The Cambodian reconstruction flowing from the election of 1993 is incomplete. It cannot yet be hailed as victory or dismissed as failure.
The Khmer Rouge, who killed a million Cambodians in the 1970s, are still in the field terrorizing and destroying. Cambodians are not secure and reconciliation has not occurred.
Human rights organizations are rightly disappointed in the government of the royalist Prince Norodom Ranariddh and of the titular head of state Prince Norodom Sihanouk. Co-prime Minister Ranariddh is in unlikely coalition with the former Vietnam-influenced Communists led by Hun Sen.
They are stifling opposition and cracking down on dissent. Unfortunately, they have a reasonable excuse, the war in the night, the terror of land mines, the kidnapping and destruction launched at random by the Khmer Rouge.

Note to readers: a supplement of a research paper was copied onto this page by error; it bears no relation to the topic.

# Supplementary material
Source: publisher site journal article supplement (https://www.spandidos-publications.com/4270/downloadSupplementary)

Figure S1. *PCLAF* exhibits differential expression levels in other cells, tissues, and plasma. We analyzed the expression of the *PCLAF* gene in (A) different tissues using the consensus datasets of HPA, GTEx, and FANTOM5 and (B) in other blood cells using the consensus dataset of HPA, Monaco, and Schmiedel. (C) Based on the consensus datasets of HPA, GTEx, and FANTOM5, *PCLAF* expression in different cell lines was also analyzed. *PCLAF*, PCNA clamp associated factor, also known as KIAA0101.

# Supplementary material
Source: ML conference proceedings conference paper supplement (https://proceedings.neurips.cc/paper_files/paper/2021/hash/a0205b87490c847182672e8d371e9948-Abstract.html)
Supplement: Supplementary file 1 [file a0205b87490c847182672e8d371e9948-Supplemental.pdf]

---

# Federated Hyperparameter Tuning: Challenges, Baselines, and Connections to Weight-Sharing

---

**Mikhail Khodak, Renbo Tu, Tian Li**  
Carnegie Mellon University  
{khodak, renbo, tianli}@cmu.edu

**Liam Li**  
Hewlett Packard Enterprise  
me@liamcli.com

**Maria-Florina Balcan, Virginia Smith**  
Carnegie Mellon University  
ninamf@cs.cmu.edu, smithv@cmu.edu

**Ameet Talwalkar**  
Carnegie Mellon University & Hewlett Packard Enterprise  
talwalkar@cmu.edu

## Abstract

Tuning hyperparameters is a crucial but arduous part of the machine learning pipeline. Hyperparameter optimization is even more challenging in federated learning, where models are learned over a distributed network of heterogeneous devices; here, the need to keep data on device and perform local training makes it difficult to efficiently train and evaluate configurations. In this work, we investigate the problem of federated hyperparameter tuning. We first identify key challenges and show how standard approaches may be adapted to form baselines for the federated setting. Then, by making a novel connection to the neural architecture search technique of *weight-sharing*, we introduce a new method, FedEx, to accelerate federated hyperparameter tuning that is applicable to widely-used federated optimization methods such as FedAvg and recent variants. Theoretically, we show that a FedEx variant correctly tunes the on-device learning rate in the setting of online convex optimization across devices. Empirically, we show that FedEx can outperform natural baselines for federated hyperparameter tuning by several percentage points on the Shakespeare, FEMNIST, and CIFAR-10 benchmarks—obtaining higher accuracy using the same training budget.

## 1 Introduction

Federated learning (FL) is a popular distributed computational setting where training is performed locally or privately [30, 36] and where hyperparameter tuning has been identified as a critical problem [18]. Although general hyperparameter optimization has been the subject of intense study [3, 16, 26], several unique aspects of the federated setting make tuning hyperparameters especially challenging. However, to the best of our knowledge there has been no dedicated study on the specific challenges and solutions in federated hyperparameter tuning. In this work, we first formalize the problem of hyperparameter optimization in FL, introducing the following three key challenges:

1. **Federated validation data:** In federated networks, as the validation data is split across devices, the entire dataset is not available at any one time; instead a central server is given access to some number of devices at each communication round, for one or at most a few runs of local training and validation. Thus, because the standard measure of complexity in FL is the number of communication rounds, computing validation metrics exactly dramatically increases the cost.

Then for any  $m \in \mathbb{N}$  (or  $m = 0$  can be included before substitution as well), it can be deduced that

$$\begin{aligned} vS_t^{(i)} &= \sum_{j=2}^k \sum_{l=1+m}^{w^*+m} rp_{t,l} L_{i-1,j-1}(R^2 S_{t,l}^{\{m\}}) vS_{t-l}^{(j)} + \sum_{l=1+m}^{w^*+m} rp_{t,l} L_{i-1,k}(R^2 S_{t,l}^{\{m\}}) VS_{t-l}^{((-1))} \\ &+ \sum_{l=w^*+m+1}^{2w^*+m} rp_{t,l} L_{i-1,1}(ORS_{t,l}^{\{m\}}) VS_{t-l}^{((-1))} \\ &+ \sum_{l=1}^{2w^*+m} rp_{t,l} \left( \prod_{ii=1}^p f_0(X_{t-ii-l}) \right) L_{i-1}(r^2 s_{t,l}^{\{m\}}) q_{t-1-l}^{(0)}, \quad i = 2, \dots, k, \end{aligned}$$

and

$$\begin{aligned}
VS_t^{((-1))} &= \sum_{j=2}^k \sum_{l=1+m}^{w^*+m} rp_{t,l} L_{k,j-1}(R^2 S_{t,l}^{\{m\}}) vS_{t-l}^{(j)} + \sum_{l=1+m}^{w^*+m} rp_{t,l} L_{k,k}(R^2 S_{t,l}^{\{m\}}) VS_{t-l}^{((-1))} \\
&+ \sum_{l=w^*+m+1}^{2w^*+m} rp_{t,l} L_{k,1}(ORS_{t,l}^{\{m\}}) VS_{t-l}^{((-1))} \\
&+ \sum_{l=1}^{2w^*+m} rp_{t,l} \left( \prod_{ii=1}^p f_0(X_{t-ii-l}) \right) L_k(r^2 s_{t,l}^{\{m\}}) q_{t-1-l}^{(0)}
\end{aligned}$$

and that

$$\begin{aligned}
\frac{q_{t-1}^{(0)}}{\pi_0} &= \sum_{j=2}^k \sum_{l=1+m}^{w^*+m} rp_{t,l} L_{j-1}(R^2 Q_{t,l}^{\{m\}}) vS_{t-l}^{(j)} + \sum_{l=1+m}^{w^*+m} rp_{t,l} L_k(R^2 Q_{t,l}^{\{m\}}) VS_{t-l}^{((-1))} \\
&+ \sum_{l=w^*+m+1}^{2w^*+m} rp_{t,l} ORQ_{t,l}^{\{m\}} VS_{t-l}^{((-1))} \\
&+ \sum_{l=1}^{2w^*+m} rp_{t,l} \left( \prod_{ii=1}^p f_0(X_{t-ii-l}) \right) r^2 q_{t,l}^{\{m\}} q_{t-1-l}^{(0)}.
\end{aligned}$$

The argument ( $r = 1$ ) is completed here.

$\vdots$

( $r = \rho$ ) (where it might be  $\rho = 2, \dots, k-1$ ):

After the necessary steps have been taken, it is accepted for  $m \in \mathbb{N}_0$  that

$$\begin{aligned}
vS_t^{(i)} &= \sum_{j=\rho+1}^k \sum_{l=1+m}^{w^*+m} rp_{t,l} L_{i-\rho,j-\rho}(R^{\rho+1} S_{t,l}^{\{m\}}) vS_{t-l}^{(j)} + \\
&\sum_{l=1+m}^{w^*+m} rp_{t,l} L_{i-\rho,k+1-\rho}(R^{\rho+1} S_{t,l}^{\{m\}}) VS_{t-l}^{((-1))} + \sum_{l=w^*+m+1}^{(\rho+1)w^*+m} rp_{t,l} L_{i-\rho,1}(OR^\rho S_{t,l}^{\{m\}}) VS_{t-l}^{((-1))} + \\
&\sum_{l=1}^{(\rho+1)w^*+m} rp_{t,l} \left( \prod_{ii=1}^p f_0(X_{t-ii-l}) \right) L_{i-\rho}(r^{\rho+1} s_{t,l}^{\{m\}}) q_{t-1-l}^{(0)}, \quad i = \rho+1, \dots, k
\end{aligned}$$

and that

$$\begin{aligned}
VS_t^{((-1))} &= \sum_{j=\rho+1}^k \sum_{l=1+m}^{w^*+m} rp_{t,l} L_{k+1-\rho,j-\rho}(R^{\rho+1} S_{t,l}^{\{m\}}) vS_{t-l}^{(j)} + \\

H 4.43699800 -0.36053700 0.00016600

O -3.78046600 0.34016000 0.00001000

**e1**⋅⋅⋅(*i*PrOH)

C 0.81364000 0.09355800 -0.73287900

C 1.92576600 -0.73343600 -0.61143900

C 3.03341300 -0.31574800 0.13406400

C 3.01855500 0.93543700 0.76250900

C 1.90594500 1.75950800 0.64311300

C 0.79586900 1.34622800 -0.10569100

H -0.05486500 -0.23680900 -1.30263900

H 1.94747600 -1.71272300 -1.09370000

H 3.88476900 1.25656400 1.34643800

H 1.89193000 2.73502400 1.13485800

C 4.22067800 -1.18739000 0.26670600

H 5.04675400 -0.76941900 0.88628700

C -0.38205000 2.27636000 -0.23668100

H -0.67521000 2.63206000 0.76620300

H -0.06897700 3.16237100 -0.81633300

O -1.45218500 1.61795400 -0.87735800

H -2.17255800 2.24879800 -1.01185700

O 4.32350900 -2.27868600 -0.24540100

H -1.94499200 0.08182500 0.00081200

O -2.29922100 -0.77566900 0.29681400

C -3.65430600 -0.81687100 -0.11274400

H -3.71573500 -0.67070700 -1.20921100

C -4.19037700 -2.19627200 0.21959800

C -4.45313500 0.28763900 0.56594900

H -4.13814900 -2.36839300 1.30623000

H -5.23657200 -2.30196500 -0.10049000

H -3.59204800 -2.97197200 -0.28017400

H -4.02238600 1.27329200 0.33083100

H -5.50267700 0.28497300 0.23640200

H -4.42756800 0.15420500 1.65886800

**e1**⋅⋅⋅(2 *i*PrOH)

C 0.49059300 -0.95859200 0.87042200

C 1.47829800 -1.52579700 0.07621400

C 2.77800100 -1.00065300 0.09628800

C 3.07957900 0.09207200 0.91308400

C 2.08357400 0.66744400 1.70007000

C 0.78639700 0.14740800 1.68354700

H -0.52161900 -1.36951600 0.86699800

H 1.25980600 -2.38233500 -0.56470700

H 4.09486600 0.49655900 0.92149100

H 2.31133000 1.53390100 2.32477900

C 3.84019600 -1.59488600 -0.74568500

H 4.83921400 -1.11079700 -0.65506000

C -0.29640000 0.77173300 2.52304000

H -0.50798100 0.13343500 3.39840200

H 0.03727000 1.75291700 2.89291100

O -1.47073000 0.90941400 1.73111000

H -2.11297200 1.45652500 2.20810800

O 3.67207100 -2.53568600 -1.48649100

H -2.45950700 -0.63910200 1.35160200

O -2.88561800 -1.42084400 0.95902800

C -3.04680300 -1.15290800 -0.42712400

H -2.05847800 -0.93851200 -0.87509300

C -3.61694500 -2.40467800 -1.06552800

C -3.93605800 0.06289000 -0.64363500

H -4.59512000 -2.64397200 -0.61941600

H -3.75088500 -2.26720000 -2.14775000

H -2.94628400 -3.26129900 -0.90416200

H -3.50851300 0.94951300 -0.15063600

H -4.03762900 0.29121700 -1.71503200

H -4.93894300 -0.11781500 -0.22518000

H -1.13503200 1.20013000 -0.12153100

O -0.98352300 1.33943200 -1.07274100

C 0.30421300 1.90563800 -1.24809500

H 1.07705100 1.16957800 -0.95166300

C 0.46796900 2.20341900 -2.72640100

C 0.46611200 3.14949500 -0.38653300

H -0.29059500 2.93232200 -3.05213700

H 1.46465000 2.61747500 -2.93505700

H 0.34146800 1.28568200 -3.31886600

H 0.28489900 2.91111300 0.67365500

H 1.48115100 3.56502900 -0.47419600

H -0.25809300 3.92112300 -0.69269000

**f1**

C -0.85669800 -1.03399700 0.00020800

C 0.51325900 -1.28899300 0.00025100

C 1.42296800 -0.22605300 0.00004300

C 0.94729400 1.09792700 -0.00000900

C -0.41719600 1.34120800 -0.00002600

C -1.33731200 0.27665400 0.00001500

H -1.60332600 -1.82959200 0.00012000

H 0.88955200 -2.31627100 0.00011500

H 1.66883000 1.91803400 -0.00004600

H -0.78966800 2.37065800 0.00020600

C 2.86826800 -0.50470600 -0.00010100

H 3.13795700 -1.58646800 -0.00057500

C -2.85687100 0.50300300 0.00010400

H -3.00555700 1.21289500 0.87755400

Noble efforts at restoring rural economic and social life are going forward thanks to such international agencies as the World Bank and nongovernment organizations such as Catholic Relief Services. But they won't work if the Khmer Rouge destroy their fruits.
The U.S. did much to destabilize Cambodia in the 1970s, weakening its institutions and paving the way for the Khmer Rouge takeover. So the U.S. must be grateful for the recovery effort created through the diplomatic initiative of Cambodia's Asian neighbors.
In the long run, Cambodia must be judged by the same human rights standards as every other country. It won't have democracy until those in power agree to being overthrown peaceably. But a country paralyzed by insurrection and subversion of criminals of whom the populace is terrified is entitled to defeat that threat first.
All the well wishing of the international community doesn't accomplish that. Cambodians still need to be made safe in their own country.